LONDON Feb 29 Growing global bullishness
may erode South African stocks' perceived safe haven status,
which helped them outperform many emerging markets last year
despite infrastructure bottlenecks, political risk and rand
The shift is already evident in returns with shares in South
Africa's BRIC peers all romping higher, faster than the 7
percent gained by the former this year.
South Africa's stocks kept their value in 2011 in local
currency terms, while fellow members of the political BRICS
grouping -- Brazil, Russia, India and China in addition to South
Africa -- all fell around 20 percent. Developed market stocks
lost nearly 8 percent in dollar terms.
Still, south Africa's broader all-share index hit
record highs last month and is trading within one percent of
those levels, while the more closely-watched Top 40 index index
reached three-year highs.
But, analysts say, many of these gains are due to last
year's relatively strong performance.
Investors have attributed South Africa's defensive appeal to
its insulation from major markets and its healthy financial
system, which have sheltered it from the euro zone debt crisis.
The country's core gold mining sector has also gained from
heavy safe-haven buying of gold since the 2008 crisis erupted.
But now investors worldwide have clearly switched into
risk-on mode, hailing stronger U.S. economic data, quantitative
easing by the Federal Reserve and the European Central Bank and
a second bail-out for indebted euro zone member Greece.
Meanwhile locally, African National Congress leadership
elections later this year are seen likely to encourage
government spending in South Africa, rather than reform.
"We are underweight South Africa and have been for a while.
Recently we have become a little bit more negative," said
Maarten-Jan Bakkum, emerging markets strategist at ING
"Political risk is increasing, the growth numbers are very
Morgan Stanley this month downgraded South African stocks to
"equal weight" from overweight, and cut the country's 2012
growth forecast for the country to 2.5 percent. South African
finance minister Pravin Gordhan cut the official forecast to 2.7
percent at the country's budget speech last week.
John Lomax, head of emerging equities at HSBC, is also
cautious, even as tensions with Iran take some of the shine off
riskier emerging markets.
"We have been quite positive on emerging markets all year,
we have been underweight South Africa," he said.
"Looking ahead, it's hard to be as positive, but we still
see further upside for emerging markets, but we expect South
Africa to lag."
South Africa is regarded as a "low beta" -- low volatility
-- emerging stock market, even though the rand is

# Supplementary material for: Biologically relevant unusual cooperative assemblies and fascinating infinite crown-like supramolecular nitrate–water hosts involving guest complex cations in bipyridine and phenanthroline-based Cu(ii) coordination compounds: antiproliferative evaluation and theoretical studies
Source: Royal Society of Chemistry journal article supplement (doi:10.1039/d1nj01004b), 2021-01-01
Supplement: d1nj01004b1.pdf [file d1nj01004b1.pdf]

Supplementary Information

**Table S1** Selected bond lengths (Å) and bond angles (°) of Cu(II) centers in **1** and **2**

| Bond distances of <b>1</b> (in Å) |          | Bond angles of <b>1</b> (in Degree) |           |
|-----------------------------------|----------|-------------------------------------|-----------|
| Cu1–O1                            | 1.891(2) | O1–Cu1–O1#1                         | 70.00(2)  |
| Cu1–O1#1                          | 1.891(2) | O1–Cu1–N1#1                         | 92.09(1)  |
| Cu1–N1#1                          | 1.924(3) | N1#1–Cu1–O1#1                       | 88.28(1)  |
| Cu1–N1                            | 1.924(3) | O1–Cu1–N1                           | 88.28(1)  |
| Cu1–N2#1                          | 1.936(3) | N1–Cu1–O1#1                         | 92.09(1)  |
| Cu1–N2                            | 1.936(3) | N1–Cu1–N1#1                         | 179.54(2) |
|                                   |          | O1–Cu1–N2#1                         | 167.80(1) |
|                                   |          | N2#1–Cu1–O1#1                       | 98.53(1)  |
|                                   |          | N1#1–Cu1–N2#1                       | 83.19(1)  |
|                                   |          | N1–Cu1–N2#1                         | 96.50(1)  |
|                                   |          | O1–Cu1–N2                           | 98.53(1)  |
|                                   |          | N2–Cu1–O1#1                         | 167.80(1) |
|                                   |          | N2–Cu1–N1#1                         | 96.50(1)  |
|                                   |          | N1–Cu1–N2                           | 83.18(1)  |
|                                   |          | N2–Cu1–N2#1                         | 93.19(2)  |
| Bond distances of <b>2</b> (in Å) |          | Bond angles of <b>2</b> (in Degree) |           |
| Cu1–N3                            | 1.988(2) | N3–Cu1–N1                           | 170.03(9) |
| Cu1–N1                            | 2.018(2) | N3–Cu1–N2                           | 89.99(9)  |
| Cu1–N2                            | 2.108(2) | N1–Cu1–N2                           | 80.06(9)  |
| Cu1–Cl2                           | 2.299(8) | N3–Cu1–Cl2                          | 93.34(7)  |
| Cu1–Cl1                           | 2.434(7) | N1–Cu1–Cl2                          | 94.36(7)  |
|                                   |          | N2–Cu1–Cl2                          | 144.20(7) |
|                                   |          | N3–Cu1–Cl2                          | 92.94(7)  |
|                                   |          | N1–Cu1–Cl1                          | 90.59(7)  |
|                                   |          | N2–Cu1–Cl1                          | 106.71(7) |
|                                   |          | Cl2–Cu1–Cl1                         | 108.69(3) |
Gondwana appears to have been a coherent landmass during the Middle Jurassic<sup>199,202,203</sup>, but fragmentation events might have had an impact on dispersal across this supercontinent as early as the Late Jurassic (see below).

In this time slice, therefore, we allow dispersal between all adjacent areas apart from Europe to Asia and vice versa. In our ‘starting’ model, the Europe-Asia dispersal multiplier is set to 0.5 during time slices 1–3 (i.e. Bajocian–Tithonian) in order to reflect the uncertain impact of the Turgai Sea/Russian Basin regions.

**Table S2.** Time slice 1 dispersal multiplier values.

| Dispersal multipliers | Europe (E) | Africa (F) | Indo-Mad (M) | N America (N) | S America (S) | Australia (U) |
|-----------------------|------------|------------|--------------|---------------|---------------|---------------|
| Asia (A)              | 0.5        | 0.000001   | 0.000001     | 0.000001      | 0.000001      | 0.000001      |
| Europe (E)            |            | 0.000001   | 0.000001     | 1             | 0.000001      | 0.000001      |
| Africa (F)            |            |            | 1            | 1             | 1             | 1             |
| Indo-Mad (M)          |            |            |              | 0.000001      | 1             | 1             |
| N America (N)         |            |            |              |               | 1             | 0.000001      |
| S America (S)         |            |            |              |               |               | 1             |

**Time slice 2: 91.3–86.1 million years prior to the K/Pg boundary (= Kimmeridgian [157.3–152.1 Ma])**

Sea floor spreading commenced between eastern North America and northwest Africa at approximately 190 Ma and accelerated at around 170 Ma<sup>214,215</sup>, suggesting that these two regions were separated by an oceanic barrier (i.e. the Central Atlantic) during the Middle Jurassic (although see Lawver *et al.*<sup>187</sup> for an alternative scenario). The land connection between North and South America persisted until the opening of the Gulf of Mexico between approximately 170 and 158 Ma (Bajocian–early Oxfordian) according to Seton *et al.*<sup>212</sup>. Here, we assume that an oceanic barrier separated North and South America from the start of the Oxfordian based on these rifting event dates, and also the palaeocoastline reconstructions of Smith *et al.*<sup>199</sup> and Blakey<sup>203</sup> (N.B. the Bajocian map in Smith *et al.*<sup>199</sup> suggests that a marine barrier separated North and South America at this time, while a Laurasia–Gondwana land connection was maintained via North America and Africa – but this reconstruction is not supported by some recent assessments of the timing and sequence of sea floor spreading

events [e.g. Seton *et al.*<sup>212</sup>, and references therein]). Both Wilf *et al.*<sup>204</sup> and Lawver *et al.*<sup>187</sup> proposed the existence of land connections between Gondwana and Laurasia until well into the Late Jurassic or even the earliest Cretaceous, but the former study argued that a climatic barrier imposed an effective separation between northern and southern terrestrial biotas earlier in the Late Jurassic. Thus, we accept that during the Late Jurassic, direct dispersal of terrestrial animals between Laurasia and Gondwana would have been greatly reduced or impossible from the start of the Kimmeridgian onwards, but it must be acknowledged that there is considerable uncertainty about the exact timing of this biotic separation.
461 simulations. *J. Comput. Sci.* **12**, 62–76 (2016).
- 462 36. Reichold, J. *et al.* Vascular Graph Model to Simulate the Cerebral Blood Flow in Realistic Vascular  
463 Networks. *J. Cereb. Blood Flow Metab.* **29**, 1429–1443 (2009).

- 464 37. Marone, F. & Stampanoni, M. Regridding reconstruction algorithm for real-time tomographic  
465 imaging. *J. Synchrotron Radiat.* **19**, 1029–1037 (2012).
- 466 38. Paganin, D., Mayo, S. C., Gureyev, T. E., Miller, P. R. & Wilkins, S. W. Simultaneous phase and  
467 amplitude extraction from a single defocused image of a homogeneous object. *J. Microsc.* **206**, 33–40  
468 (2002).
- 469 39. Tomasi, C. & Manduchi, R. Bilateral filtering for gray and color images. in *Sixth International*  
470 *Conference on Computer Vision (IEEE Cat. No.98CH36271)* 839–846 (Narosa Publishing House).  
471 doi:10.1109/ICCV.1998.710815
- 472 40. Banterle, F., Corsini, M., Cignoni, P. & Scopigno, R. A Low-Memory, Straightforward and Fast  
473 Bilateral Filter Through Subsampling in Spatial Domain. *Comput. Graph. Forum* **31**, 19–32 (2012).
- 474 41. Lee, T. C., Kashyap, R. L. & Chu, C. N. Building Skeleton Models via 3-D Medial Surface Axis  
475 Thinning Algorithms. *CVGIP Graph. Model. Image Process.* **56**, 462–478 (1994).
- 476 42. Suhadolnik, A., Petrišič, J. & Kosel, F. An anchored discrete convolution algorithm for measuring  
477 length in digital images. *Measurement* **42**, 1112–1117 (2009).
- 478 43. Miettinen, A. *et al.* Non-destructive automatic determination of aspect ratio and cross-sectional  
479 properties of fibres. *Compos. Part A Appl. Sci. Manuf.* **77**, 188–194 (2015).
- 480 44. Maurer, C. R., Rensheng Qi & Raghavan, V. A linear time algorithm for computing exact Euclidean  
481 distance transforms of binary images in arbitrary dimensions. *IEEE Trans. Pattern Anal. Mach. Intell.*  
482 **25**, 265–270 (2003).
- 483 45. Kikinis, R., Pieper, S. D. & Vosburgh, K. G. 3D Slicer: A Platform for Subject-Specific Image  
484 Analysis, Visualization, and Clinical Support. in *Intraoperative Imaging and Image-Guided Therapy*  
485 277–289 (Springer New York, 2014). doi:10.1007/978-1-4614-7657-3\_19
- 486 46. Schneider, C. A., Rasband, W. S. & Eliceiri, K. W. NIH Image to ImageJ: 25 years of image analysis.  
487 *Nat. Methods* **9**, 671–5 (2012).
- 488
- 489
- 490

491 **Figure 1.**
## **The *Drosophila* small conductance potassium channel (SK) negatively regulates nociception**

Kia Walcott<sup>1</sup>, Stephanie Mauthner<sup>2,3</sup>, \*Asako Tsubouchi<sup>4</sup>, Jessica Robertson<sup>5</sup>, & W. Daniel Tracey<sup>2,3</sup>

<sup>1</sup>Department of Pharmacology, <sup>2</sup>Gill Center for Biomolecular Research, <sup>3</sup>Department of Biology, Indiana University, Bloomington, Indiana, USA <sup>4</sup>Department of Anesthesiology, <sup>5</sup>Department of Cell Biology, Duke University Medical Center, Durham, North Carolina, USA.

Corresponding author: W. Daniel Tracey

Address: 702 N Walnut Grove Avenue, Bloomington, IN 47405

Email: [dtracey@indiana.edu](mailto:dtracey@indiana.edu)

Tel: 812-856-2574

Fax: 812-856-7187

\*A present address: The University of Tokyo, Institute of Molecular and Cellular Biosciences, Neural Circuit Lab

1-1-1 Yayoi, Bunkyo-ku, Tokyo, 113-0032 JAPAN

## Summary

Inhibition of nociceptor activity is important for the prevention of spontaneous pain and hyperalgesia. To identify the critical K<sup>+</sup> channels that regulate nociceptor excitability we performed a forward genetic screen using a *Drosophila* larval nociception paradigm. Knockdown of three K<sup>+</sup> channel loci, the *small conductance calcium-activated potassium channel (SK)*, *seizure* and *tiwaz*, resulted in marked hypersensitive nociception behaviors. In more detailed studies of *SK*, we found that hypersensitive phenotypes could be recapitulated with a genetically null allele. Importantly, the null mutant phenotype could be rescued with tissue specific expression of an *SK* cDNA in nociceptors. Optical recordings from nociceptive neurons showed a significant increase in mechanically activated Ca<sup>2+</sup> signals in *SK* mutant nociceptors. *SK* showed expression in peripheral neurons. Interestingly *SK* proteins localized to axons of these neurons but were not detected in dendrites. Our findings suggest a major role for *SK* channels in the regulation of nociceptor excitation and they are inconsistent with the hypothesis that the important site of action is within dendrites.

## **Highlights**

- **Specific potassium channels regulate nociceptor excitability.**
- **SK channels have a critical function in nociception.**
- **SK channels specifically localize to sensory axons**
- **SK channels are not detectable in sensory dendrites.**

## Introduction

volatile -- falling 12.5 percent last year -- because of its
well-run financial institutions and exposure through the stock
index to sectors such as gold.
"If you remove the volatility of the rand from the
investment, it would probably be a high-rated market," said
Oliver Bell, Middle East and Africa fund manager at T Rowe
Despite the rally of the past year, valuations are not out
of kilter with global emerging markets -- at a forward
price/earnings ratio of 11, compared with 10 for global emerging
markets, according to Lomax.
The rand is also stronger this year, gaining over 8 percent.
But there is little opportunity for more upside.
"The year we had last year, South Africa proved to be
defensive and outperformed, now markets are running the other
way, it's defensive and has lagged," said Jeff Chowdhry, global
head of emerging equities at F&C.
Chowdhry said he was underweight South Africa last year, so
had not benefited from the upside, but was remaining
One area where fund managers do see some attraction in South
Africa is through its exposure to other African markets, such as
Many African exchanges are not liquid and do not have a
strong representation of stocks such as retail, so investors
prefer to look at South African companies with an African reach.
It is the same approach which drives investors to buy U.S.
or European-listed stocks with emerging market exposure.
"Africa may be a small part of their revenue, turnover now,
these companies are going to move fast," said Bell.
One example is retailer Shoprite, which said last
week it saw scope for 700 stores in Nigeria.
But the hardier investor with African experience is likely
to see yet more opportunities in local sectors, such as
Nigerian-listed banks, after South Africa had such a strong year
Malcolm Gray, who runs a pan-Africa fund at South African
fund manager Investec with around 50-60 percent invested in
South Africa, said valuations in Nigerian banks were looking
In South Africa, meanwhile, Gray said:
"We find it quite hard to find a lot of value at the
(Graphic by Scott Barber; editing by Ron Askew)